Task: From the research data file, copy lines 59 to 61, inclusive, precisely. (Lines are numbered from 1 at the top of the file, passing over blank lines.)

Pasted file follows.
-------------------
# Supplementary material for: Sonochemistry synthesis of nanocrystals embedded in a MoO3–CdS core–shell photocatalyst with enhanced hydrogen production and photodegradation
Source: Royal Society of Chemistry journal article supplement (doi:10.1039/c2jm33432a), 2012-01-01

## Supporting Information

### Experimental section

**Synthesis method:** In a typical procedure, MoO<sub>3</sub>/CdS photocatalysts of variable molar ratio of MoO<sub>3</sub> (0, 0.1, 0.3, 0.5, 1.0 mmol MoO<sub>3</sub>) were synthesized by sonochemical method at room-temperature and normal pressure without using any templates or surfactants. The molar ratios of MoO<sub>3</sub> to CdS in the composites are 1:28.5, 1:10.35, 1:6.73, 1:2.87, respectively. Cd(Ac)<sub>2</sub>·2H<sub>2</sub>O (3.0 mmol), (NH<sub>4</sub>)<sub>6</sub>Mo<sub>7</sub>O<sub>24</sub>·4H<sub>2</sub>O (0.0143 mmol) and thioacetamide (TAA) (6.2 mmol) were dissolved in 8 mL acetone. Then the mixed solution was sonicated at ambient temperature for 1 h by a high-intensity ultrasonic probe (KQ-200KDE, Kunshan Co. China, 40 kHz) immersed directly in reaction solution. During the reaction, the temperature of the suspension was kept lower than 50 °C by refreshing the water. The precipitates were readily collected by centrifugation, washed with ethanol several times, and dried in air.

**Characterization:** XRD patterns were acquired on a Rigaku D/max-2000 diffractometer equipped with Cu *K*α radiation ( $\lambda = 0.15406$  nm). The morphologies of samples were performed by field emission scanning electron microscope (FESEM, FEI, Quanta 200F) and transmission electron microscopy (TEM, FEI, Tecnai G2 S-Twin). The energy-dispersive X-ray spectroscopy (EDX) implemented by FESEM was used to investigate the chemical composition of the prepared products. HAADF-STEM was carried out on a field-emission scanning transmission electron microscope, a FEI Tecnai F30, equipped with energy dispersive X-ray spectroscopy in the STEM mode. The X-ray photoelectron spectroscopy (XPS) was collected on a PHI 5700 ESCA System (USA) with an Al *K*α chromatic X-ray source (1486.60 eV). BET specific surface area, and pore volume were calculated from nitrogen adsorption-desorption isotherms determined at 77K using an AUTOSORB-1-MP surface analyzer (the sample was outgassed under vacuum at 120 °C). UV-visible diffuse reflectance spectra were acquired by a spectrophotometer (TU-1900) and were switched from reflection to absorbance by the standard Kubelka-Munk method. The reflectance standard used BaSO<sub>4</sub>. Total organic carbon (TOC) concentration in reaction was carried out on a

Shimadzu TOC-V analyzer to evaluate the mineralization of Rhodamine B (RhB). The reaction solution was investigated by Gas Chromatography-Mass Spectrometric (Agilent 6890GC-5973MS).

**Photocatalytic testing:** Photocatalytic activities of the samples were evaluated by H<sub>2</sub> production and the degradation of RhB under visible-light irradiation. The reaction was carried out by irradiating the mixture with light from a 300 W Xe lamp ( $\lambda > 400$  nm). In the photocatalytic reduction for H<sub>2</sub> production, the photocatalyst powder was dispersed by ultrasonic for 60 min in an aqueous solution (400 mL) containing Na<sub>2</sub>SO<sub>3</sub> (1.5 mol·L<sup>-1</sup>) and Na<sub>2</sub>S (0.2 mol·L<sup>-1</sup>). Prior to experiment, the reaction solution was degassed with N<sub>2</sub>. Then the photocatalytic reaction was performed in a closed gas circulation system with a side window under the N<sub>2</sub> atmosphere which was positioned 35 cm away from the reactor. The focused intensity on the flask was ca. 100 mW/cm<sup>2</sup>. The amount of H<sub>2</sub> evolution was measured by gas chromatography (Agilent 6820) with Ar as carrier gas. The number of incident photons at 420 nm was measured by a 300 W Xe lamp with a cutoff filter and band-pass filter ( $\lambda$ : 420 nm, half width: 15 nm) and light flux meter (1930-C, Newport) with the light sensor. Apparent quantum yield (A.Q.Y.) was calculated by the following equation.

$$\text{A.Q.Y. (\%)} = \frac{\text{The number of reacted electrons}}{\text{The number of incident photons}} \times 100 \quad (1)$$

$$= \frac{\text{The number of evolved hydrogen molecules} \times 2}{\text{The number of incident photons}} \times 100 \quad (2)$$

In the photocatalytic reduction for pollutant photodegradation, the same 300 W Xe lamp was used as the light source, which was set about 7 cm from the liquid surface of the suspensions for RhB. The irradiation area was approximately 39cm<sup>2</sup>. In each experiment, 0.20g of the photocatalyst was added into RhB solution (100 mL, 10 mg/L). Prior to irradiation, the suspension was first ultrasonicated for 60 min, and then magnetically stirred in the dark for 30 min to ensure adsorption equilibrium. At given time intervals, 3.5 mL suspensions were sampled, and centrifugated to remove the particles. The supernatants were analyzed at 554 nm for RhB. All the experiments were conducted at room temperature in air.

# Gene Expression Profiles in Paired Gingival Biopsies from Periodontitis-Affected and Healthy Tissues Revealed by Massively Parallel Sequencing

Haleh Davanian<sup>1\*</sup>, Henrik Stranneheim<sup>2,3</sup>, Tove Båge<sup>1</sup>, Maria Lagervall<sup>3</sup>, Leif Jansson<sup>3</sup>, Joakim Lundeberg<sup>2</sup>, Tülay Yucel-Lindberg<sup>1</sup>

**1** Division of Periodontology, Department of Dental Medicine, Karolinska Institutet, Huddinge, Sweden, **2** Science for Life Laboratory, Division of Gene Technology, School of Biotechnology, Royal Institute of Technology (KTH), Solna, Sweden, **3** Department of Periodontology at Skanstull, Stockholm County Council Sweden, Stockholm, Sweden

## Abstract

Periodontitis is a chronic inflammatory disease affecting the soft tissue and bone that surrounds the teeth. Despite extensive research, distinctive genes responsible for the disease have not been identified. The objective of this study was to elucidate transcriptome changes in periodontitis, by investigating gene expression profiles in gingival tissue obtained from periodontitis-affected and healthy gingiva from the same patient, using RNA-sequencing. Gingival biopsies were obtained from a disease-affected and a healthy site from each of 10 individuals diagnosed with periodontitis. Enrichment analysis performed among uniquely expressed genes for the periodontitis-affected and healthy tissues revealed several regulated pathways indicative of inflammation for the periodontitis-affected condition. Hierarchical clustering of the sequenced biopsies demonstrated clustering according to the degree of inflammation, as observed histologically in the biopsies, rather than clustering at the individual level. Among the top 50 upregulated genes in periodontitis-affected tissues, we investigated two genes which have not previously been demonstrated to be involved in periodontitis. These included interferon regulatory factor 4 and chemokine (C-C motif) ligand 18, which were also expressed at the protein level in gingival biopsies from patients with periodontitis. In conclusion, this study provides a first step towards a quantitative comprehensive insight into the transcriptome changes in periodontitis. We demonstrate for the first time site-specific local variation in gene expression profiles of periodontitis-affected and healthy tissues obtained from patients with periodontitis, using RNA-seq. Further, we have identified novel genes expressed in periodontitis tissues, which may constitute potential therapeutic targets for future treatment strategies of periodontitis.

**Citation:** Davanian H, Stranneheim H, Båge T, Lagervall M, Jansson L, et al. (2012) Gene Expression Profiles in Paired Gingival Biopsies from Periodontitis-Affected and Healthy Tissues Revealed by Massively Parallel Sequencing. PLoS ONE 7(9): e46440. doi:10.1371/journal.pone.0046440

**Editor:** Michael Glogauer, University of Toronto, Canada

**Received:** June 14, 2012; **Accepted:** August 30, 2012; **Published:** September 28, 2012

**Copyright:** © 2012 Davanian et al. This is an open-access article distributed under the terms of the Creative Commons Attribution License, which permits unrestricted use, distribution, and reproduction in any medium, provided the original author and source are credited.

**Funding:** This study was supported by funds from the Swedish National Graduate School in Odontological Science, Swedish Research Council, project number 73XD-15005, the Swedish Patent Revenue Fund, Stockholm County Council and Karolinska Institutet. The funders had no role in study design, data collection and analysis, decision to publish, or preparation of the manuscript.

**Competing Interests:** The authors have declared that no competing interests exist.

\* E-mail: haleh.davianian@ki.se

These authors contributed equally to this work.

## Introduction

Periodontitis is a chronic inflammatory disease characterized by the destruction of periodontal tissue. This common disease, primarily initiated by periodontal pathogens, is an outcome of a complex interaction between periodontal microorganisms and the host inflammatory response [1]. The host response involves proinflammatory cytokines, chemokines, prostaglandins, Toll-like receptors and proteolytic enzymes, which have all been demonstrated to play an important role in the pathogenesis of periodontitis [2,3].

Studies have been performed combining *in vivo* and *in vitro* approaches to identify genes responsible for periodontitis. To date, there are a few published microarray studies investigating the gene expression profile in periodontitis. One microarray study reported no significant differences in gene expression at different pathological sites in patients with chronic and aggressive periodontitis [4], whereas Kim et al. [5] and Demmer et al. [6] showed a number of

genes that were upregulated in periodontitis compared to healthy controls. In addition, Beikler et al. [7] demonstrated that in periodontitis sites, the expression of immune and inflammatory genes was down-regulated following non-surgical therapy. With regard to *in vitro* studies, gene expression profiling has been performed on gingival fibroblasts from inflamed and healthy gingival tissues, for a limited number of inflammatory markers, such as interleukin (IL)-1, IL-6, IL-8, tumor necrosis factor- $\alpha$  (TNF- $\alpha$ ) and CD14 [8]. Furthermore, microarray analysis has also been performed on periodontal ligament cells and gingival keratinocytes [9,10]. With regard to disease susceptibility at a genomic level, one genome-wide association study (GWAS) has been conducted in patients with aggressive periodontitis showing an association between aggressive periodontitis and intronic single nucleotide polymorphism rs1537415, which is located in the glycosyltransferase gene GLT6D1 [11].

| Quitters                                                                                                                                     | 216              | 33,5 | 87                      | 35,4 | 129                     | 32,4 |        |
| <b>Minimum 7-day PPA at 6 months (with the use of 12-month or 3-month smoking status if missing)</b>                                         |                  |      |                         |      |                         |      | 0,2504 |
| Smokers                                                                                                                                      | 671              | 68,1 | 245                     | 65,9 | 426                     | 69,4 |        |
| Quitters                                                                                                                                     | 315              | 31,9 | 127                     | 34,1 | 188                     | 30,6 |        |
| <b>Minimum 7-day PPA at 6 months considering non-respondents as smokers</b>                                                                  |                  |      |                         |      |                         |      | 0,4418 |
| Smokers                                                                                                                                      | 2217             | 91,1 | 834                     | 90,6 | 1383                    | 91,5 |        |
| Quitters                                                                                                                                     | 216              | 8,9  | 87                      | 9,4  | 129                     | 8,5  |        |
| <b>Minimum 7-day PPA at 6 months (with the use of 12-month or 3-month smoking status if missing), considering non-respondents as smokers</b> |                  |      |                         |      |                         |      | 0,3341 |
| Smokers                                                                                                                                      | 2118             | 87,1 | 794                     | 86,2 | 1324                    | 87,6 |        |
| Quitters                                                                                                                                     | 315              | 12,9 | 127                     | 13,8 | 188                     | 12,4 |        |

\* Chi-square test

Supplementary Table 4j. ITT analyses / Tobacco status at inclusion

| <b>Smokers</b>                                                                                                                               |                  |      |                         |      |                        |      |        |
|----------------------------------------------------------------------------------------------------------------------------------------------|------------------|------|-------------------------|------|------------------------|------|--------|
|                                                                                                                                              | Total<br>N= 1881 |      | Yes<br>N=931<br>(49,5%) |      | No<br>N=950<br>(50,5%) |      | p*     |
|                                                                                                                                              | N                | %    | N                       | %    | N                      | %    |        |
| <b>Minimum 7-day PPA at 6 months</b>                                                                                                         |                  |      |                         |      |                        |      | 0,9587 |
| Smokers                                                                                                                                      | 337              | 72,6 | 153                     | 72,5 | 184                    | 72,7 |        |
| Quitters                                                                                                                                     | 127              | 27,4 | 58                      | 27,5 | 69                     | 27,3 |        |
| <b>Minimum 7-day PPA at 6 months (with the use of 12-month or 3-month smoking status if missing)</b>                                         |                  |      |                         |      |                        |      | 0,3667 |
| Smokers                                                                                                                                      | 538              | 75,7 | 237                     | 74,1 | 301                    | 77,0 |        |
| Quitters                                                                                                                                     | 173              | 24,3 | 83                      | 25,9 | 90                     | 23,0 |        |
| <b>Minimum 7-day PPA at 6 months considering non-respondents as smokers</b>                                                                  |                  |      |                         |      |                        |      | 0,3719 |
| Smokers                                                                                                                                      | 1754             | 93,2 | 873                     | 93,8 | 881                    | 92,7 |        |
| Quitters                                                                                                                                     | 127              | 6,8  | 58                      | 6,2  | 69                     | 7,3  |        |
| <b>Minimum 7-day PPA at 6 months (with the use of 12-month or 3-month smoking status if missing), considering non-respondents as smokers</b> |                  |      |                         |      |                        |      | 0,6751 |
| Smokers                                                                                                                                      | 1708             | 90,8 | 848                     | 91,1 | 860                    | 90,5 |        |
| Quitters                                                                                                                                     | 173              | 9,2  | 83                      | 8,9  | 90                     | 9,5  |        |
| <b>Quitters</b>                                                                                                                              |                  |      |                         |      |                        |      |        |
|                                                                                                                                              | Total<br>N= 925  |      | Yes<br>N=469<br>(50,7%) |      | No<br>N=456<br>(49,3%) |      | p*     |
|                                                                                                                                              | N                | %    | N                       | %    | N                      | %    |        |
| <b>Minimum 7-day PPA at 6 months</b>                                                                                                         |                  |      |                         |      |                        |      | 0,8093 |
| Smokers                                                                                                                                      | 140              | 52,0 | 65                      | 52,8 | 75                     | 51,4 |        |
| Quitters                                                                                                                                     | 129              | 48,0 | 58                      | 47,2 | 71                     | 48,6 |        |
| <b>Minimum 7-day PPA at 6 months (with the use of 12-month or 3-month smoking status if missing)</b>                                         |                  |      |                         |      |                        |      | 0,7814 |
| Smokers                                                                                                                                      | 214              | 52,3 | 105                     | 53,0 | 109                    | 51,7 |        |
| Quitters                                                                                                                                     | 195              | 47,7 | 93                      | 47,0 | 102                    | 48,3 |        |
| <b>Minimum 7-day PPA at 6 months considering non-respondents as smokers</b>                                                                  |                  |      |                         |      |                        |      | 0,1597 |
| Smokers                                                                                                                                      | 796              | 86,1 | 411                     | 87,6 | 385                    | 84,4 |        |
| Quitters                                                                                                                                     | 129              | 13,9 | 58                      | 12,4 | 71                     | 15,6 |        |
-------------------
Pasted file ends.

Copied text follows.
|                                                                                                                                              | N                | %    | N                       | %    | N                      | %    |        |
| <b>Minimum 7-day PPA at 6 months</b>                                                                                                         |                  |      |                         |      |                        |      | 0,8093 |
| Smokers                                                                                                                                      | 140              | 52,0 | 65                      | 52,8 | 75                     | 51,4 |        |